Introduction and the research problem

and that only 20 years have elapsed since the first personal computers were manufactured. One of the issues addressed in this thesis is the potential for radical change in the education sector following the current technology diffusion period. There appear to be significant differences in the responses of business and education to the same innovation ICT. Many businesses have been made more efficient and even transformed though the adoption of IT. However, school education has not adopted ICT to anything like the same extent, and there are few surface signs of improved efficiency or transformation. This is only one of the problems to be examined. Its investigation requires an historical understanding of appropriate technologies, of technology transfer and of cultural appropriation.

1.3 Context As global communications and transport have improved over the last century, issues that affect one country soon begin to affect others. Disease, knowledge and trade flow continuously around the world, and there is a sense of a global market and a global community. Megatrends are bottom-up forces that propel changes in society (Fong & Naisbitt, 2000). These megatrends include globalisation - the idea that we live in one world both ecologically and economically. Global competition is a stimulant for the process of continuous change and is particularly important in the areas of education and research. Education at all levels has been affected by these megatrends because more knowledgeable workers can carry out more efficient production (Australian Manufacturing Workers Union, 1999, p.36). Also, the creation of new knowledge becomes more important because new ways of doing things can be more efficient. Innovation propelled by competition and technological advancement has therefore become an important part of modern life, with lifelong learning one of the consequences in everyday living. Recent expansions of market sizes and the speed of modern communication/transport systems have vastly increased the pace of change. Moseley (1995) wrote of the influence of megatrends on higher education, and included less money, more accountability and increased use of new technology as 8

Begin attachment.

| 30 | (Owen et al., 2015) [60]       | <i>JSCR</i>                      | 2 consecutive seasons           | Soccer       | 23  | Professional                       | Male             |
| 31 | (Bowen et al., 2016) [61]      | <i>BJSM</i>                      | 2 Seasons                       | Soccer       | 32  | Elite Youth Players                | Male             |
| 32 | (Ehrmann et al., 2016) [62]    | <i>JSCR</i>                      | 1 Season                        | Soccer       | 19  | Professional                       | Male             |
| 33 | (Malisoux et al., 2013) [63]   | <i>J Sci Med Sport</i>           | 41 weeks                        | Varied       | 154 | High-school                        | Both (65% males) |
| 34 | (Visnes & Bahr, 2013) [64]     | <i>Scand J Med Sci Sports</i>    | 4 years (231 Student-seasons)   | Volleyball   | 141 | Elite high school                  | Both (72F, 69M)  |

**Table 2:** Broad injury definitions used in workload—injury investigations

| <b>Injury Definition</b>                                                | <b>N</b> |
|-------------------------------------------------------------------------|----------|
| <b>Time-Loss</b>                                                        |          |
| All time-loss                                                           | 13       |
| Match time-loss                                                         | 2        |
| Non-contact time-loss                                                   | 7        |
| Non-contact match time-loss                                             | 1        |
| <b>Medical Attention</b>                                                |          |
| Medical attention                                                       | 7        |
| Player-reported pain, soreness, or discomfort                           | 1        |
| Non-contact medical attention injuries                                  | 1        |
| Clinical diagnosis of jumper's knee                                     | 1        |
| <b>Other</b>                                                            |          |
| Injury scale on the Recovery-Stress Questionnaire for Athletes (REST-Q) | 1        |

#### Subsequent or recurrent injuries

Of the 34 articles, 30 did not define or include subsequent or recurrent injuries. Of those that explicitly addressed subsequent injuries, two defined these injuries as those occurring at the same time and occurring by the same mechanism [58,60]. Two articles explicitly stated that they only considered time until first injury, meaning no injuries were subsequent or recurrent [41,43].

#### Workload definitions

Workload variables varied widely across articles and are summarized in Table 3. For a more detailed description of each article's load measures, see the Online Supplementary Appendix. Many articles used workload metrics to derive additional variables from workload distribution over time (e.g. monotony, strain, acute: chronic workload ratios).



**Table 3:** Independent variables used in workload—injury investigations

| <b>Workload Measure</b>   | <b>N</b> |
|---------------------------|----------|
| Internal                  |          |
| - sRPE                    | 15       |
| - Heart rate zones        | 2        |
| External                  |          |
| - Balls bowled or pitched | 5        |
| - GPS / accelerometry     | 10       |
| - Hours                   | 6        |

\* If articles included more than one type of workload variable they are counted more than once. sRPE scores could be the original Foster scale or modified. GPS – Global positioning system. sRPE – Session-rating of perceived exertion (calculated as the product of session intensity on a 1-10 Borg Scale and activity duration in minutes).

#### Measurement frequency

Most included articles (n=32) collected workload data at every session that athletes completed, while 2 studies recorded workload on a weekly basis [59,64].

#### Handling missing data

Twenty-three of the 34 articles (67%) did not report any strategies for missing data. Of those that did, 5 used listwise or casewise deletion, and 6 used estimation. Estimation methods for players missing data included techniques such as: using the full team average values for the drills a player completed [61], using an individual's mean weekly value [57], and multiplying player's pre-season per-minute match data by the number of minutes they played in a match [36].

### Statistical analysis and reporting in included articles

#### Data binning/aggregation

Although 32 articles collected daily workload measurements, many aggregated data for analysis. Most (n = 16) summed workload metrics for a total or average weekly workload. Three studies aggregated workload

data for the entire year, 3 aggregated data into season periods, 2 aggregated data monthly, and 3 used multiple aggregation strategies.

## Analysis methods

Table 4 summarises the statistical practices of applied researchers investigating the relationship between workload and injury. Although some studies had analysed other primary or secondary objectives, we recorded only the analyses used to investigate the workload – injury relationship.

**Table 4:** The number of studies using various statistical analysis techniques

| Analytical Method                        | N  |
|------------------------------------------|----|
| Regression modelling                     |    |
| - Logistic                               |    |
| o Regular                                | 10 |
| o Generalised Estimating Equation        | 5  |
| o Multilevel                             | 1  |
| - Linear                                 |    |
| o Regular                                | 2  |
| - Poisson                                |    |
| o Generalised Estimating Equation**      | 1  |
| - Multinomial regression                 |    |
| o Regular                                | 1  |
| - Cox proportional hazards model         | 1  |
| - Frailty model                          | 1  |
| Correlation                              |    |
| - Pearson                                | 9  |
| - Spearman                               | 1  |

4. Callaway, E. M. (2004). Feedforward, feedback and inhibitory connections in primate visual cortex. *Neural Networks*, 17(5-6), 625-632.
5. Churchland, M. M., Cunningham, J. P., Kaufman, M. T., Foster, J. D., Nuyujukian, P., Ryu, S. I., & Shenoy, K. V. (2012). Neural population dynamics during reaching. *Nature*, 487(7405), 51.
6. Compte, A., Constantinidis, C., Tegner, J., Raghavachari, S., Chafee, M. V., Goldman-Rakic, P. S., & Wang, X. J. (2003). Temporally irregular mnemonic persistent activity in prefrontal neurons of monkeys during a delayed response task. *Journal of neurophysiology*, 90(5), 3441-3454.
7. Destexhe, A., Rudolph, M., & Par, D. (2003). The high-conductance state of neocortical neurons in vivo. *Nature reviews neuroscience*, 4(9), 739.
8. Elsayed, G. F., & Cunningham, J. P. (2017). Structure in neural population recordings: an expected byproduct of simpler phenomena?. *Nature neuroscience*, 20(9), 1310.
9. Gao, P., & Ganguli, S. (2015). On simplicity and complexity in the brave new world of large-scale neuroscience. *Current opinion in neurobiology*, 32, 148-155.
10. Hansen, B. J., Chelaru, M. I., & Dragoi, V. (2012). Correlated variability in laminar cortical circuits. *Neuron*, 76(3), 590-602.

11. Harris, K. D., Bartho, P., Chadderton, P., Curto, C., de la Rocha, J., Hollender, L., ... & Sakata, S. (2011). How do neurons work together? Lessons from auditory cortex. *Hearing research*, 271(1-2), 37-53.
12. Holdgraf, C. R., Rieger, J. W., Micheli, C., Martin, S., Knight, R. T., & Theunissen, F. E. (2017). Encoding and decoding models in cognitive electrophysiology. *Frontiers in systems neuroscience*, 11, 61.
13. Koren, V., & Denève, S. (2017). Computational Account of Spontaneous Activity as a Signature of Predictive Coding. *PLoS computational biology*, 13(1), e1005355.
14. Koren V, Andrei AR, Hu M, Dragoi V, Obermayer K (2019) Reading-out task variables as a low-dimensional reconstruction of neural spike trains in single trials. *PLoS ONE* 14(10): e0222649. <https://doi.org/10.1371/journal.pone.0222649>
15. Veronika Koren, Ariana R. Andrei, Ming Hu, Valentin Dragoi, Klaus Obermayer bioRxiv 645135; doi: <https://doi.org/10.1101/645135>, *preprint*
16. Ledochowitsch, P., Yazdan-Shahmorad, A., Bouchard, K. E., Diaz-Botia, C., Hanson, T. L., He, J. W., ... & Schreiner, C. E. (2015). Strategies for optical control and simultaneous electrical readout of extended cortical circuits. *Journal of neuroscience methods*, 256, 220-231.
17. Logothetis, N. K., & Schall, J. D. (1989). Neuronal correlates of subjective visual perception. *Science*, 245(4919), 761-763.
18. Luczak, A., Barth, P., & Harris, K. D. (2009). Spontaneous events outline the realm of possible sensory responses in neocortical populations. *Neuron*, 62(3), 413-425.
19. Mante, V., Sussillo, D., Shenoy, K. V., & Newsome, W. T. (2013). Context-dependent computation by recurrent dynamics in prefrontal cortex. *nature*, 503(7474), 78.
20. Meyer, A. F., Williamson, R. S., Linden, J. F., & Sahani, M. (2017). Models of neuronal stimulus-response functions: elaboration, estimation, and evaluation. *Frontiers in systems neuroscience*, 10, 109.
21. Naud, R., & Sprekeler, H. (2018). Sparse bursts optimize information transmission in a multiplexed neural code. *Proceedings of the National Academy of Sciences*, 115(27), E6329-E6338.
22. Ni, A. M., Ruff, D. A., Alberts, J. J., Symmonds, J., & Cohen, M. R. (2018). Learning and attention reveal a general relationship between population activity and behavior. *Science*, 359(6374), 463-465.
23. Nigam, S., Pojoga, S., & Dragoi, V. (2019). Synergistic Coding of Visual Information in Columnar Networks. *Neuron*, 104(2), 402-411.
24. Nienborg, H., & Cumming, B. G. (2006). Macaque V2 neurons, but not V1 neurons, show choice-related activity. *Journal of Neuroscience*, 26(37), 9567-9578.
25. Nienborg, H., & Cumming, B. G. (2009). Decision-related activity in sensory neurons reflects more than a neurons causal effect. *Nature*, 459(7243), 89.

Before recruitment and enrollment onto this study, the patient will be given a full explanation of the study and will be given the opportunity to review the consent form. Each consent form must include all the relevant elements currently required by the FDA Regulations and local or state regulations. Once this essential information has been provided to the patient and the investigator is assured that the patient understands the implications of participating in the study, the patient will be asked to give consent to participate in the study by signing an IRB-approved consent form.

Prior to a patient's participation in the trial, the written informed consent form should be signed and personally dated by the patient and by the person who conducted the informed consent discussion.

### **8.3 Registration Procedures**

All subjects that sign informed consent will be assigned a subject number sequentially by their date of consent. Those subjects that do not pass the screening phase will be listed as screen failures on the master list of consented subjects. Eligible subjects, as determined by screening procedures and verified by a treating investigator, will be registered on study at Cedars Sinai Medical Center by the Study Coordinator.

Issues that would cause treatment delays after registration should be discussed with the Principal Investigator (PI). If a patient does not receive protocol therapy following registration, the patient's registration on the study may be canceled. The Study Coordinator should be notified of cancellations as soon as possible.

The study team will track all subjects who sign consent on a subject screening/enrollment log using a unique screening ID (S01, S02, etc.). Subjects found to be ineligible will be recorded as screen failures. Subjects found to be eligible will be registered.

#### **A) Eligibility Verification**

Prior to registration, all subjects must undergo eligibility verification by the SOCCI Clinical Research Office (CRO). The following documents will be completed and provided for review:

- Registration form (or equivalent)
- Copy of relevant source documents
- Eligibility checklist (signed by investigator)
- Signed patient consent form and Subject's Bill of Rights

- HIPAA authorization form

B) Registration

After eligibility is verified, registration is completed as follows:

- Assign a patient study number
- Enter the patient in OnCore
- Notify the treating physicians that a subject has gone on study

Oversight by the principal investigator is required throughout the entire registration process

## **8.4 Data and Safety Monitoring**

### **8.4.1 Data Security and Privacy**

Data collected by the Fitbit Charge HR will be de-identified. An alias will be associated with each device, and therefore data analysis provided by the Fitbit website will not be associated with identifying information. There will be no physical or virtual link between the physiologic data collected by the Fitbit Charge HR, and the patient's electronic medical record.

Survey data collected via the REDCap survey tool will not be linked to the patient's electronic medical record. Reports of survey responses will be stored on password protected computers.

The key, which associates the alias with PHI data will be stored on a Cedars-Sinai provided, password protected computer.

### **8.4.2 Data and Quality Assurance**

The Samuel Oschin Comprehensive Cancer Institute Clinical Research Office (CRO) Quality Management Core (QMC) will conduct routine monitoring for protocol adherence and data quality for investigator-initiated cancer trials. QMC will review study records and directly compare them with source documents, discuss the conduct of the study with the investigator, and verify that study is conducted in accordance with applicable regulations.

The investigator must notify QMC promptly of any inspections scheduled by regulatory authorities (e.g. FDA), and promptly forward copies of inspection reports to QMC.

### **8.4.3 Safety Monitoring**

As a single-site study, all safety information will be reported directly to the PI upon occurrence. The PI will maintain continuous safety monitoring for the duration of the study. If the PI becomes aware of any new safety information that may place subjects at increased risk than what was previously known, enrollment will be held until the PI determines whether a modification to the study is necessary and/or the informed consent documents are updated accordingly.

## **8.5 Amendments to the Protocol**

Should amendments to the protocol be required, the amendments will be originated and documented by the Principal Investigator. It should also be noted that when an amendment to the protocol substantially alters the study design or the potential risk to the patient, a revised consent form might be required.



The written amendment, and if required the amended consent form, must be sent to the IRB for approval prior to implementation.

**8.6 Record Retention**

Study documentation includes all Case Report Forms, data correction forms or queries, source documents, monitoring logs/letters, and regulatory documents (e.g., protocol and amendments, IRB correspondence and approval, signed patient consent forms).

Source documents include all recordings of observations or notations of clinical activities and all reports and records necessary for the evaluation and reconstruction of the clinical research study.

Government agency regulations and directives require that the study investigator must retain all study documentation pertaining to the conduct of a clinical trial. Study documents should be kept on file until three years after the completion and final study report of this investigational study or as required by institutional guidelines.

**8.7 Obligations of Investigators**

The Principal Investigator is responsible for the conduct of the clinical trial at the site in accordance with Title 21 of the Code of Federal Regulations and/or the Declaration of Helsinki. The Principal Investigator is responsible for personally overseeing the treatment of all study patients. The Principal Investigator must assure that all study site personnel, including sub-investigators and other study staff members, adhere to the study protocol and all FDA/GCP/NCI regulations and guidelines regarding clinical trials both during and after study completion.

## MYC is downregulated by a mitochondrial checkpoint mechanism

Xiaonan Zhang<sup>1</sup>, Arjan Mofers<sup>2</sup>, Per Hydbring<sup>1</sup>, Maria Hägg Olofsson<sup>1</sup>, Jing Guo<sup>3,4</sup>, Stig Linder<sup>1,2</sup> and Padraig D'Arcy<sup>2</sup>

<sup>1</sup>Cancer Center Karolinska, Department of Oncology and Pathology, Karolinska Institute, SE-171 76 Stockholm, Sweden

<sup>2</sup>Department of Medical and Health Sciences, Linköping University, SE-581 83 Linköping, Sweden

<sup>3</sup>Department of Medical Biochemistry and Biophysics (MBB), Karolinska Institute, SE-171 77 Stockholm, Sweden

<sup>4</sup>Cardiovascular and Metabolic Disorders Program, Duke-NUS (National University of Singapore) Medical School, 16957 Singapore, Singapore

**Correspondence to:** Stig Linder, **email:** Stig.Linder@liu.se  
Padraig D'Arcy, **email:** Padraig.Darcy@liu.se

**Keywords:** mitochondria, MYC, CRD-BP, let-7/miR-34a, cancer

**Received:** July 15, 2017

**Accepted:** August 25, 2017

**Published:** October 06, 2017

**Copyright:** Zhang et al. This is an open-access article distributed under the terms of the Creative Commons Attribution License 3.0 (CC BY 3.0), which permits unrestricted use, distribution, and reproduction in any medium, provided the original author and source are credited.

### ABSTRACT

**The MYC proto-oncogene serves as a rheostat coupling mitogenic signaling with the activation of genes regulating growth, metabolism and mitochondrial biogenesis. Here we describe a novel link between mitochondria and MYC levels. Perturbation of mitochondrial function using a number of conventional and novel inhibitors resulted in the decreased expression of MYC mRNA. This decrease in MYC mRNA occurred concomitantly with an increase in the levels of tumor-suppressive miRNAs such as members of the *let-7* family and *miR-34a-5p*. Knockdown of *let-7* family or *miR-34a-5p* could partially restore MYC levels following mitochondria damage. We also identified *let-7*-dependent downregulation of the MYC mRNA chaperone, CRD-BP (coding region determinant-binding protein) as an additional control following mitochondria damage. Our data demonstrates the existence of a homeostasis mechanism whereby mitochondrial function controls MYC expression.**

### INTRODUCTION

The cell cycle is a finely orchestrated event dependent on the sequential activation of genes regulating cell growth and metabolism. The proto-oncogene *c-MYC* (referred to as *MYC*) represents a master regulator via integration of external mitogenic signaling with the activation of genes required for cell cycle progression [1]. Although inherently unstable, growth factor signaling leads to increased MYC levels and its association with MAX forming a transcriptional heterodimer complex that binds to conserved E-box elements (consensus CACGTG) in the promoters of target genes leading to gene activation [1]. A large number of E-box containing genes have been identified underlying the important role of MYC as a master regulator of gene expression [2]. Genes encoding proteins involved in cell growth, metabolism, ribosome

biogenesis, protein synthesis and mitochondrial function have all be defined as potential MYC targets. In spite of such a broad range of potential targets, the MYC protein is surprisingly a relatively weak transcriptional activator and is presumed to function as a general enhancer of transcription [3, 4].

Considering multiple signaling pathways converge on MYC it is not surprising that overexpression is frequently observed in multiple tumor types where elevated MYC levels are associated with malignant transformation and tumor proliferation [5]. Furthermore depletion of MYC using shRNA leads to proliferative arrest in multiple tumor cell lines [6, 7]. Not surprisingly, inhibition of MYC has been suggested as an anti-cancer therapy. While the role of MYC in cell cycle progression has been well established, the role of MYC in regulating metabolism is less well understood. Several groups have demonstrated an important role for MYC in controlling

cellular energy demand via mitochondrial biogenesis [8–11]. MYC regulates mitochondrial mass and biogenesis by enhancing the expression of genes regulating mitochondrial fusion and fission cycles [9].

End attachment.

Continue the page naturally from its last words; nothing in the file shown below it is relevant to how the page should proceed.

Introduction and the research problem

significant trends of which planners needed to be aware. Computers, like teaching machines before them, have been expected to change education radically but until now such change has mostly been restricted to tertiary education. Only recently have personal computers been developed with the capacity to handle video, sound and other media to the extent necessary to engage learners. Simultaneously, global connectivity through the Internet has become widely available, and this appears to facilitate crucial links between teachers and learners (Mwagiru, 2001). These developments have increased interest in the role of ICT in school education. This interest has focused upon preparing students for employment in a globally competitive environment predicated upon the widespread use of information technology, and on the general use of ICT to improve educational outcomes. There has been debate about which of these focus areas should be more important. During this study, the first of these focus areas was the subject of an Australian Federal Government limited request to tender for the development of: key performance measures to monitor progress in the information technology knowledge and skills of Australian schools students to be used for the reporting of nationally comparable outcomes of schools within the context of the National Goals for Schooling in the TwentyFirst Century (DETYA, 1999b).